A painful anxiety came over the youth as he stood in the midst of the chamber; he listened attentively, and at length seemed to hear the low whisper of a breath, as from a sleeper. With throbbing heart he turned round, and went forward, to spy whether any one was upon the bed; he spread open the silken hangings, and — he thought he must be in a dream; for before him lay, pale as a corpse, but in a sweet slumber, the form of his beloved Crescentia. Her bosom heaved visibly; something like a slight blush had tinged her pale lips, which were softly closed, quivering imperceptibly as a gentle smile ever and anon flitted over them. Her hair was loose and lay in its dark heavy locks upon her shoulders. Her dress was white, with a golden clasp at her girdle. For a long time Antonio stood lost in gazing; at last as if driven by a supernatural power he snatcht the lovely white hand, and began to pull up the sleeper by force. She darted a plaintive cry forth; and frightened by it he let go the arm again, which dropt languidly upon the pillow.
But the dream, so seemed it, had flown away; the net of sleep which had held the wonderous form inclosed, was rent asunder: and as clouds and mists move along the side of the hills on the gentle morning breeze in wavy forms and now rise and now sink again, so the slumberer began to stir, stretcht herself as if powerless, and in slow and graceful motions seemed striving to emerge from her sleep. Her arms raised themselves, so that the broad sleeves fell back and displayed their full beauteous roundness; her hands folded themselves, and then dropt down again; the head arose, and the bright neck lifted itself freely up; but the eyes were still fast closed; the black tresses fell over the face, but the long taper fingers stroaked them back; now the fair one was sitting quite upright; she crost her arms over her breast, heaved a hard sigh, and on a sudden her large eyes stood wide open and glancing.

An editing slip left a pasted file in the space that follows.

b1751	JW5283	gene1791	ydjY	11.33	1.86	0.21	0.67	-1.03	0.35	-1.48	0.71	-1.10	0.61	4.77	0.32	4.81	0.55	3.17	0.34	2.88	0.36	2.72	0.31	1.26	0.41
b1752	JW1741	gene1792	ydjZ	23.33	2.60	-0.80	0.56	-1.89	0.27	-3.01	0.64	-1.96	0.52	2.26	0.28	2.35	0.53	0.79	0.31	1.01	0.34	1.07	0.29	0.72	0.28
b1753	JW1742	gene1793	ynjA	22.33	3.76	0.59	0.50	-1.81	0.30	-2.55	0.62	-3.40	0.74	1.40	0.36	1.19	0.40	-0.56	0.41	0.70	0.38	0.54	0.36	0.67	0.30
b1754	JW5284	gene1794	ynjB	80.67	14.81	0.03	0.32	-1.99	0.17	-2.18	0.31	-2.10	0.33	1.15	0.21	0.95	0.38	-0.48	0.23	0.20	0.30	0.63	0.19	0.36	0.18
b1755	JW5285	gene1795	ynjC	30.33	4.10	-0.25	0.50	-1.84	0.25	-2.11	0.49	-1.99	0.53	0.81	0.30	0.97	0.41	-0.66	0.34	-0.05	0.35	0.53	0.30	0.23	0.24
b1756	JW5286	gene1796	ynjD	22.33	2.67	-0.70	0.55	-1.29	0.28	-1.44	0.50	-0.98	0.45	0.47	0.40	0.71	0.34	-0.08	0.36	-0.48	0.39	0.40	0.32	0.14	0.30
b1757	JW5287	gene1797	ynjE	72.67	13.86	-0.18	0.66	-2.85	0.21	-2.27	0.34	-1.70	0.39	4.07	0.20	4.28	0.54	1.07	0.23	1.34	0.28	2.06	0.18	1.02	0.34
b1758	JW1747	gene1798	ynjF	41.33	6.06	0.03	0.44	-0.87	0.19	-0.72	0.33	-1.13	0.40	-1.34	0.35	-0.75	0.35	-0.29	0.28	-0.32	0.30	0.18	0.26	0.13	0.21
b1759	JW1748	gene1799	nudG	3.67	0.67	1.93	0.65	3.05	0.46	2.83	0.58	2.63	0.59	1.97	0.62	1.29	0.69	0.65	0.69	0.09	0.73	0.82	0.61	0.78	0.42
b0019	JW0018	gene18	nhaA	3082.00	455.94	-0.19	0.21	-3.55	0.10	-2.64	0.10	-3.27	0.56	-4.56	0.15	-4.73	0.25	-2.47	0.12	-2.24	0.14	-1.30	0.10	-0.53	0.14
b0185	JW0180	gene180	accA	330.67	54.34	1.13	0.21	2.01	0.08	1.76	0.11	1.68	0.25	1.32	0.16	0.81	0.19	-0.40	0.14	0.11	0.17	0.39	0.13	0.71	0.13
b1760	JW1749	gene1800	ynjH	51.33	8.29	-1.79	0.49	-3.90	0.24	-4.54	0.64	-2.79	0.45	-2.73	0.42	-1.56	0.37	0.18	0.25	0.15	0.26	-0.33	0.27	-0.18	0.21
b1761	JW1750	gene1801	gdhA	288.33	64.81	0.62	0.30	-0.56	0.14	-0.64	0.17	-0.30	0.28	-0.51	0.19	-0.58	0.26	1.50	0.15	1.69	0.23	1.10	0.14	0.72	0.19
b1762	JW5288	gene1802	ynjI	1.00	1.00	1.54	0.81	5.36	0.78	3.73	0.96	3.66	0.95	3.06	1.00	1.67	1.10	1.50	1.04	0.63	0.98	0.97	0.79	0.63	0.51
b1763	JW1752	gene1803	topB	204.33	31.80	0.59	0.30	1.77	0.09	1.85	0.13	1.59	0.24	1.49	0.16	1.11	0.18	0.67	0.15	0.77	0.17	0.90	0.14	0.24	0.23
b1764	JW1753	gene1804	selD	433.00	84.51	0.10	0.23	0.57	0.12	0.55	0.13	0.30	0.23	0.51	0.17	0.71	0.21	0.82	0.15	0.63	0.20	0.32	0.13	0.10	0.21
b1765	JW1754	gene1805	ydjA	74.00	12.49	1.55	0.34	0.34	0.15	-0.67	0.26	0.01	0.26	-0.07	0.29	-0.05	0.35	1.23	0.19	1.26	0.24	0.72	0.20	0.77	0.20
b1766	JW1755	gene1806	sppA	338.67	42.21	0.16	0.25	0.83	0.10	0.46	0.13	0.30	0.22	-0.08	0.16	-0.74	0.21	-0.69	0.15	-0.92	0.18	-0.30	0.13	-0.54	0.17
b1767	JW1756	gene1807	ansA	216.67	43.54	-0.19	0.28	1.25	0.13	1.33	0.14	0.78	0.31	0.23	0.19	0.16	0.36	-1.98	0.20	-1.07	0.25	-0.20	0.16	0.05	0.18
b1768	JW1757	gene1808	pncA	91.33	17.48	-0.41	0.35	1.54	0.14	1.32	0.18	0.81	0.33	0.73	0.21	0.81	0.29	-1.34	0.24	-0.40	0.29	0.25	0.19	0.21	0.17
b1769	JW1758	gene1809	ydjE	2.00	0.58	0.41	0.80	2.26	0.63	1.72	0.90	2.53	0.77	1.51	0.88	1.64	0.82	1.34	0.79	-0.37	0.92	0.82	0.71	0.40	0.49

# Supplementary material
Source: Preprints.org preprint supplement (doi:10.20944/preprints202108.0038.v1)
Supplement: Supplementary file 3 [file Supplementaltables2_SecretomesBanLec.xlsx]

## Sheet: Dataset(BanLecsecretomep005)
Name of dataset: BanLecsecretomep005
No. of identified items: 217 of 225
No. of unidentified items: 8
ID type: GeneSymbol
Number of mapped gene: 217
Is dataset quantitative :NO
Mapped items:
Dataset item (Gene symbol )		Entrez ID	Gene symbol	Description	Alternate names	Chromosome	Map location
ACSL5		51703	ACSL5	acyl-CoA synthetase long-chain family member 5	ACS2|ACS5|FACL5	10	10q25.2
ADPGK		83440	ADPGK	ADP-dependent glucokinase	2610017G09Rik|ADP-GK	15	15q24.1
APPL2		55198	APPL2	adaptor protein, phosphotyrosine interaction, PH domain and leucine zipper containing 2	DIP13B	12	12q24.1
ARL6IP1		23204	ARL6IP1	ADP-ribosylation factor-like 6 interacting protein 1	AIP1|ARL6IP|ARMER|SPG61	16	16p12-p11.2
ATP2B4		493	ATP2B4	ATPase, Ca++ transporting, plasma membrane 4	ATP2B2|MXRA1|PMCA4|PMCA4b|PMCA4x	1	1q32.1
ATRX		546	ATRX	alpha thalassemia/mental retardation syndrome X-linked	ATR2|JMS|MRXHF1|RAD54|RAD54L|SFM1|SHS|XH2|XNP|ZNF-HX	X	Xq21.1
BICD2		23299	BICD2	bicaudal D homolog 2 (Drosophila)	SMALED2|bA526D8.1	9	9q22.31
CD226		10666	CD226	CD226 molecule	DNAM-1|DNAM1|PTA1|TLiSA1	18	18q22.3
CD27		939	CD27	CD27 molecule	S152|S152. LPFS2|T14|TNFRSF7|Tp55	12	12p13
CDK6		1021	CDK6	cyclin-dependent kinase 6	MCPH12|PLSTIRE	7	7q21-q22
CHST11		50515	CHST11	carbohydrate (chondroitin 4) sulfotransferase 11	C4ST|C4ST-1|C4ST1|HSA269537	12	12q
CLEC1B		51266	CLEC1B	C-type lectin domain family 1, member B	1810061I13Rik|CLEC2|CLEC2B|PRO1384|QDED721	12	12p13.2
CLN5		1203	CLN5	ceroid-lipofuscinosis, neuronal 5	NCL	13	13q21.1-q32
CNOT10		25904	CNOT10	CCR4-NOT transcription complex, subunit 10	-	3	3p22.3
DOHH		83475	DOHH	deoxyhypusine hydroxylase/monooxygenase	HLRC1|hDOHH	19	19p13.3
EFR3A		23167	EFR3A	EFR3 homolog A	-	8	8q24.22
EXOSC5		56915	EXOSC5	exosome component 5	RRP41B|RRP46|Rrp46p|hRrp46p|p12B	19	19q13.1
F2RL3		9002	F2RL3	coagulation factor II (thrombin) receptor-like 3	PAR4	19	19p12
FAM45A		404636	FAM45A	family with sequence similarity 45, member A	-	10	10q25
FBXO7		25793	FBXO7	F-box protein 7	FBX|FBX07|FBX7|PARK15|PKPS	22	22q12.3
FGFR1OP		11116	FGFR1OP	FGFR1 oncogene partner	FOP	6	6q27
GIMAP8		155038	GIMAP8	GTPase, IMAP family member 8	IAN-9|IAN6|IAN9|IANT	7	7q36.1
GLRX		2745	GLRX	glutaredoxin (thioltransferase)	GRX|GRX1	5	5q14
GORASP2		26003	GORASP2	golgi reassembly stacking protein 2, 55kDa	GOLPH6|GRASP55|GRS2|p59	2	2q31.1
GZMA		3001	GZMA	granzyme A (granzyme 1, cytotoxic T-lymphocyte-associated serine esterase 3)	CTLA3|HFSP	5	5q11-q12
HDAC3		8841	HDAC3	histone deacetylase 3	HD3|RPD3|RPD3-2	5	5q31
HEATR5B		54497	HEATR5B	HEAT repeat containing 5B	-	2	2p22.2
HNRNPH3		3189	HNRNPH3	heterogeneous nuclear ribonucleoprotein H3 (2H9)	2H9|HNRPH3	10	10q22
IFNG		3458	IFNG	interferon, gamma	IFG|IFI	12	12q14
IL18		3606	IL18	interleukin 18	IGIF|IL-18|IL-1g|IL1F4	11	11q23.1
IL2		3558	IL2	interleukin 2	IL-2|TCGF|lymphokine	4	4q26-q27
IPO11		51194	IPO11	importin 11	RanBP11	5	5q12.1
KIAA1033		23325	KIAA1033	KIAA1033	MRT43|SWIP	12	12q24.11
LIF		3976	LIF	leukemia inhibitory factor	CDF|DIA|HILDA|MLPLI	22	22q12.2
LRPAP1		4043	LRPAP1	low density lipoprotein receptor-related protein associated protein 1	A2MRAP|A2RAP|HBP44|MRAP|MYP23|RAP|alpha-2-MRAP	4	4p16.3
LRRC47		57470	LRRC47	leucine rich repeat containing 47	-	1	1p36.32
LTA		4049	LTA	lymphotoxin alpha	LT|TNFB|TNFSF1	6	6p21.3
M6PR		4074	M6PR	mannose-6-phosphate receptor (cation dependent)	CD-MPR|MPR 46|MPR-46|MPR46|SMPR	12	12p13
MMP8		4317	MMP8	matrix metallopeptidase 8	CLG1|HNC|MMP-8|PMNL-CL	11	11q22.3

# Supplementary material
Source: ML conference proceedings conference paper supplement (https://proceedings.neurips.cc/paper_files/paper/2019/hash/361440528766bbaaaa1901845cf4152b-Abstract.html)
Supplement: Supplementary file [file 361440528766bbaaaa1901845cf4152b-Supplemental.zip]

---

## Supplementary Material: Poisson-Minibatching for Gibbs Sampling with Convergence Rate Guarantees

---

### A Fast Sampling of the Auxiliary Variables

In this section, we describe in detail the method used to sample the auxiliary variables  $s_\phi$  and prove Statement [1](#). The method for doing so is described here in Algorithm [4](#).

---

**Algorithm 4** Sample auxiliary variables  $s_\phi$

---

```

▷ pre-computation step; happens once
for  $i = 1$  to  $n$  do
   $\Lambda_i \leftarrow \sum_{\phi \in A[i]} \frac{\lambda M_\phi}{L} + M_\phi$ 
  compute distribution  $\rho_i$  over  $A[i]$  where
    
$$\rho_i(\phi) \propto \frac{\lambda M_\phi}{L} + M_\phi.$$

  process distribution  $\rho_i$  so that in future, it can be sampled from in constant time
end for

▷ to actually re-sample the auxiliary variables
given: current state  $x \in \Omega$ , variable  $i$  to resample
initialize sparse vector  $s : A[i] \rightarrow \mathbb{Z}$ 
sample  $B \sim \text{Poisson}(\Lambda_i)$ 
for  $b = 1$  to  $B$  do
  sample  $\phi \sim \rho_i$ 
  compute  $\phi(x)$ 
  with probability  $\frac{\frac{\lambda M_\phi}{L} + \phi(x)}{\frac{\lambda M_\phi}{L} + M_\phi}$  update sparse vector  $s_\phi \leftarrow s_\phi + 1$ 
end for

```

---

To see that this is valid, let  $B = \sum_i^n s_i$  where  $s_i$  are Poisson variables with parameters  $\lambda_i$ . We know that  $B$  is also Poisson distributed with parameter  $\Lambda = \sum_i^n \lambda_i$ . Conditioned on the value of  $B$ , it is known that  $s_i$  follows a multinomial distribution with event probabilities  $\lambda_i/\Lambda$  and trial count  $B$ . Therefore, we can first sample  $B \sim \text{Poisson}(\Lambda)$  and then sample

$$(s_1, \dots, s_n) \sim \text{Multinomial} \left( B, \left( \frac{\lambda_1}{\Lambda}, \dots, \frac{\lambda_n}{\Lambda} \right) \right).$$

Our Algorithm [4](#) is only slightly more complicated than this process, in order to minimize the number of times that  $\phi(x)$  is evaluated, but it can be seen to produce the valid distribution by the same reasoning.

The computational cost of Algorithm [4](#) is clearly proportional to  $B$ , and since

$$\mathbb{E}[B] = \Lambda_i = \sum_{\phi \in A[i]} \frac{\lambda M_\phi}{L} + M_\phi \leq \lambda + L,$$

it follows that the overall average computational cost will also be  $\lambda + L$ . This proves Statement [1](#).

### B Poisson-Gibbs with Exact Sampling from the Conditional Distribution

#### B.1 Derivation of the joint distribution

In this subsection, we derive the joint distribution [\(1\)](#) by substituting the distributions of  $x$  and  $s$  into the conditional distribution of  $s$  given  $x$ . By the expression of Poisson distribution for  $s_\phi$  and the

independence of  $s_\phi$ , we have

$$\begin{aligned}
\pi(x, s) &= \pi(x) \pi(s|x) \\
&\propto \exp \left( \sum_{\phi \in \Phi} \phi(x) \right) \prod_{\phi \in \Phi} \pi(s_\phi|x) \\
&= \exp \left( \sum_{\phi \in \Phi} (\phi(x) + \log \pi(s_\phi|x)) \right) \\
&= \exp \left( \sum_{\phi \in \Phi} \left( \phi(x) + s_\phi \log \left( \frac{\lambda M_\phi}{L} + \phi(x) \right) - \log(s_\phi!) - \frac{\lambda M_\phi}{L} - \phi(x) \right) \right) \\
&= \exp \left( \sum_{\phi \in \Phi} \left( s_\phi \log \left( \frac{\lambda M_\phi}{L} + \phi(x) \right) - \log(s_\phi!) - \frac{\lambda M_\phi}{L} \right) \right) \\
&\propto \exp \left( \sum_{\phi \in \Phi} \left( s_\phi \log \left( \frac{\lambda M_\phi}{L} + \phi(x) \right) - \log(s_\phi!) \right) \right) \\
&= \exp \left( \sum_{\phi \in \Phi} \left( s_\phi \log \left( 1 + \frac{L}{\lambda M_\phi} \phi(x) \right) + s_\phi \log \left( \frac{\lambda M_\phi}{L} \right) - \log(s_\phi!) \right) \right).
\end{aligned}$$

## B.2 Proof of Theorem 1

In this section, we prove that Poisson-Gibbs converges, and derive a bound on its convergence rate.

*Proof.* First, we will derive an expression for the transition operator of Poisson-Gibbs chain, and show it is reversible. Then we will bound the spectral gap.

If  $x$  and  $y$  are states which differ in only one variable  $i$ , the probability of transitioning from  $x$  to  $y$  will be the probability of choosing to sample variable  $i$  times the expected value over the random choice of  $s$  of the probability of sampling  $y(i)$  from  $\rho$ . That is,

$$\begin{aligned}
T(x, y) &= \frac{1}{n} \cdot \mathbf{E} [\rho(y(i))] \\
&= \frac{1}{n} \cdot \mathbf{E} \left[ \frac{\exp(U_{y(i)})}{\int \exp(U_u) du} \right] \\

She gazed at the youth; but it was as though she saw him not; she shook her head; then she graspt the gold tassel which was fastened to the top of the bed, lifted herself strongly up, and the tall slender form was now standing on its feet raised up on high in the midst of the scarlet drapery. She then stept safely and firmly down from the couch, walkt a few paces up to Antonio who had drawn back, and with a childish exclamation of surprise, as when children are suddenly gladdened by a new plaything, she laid her hand upon his shoulder, smiled lovelily upon him, and cried with a soft voice: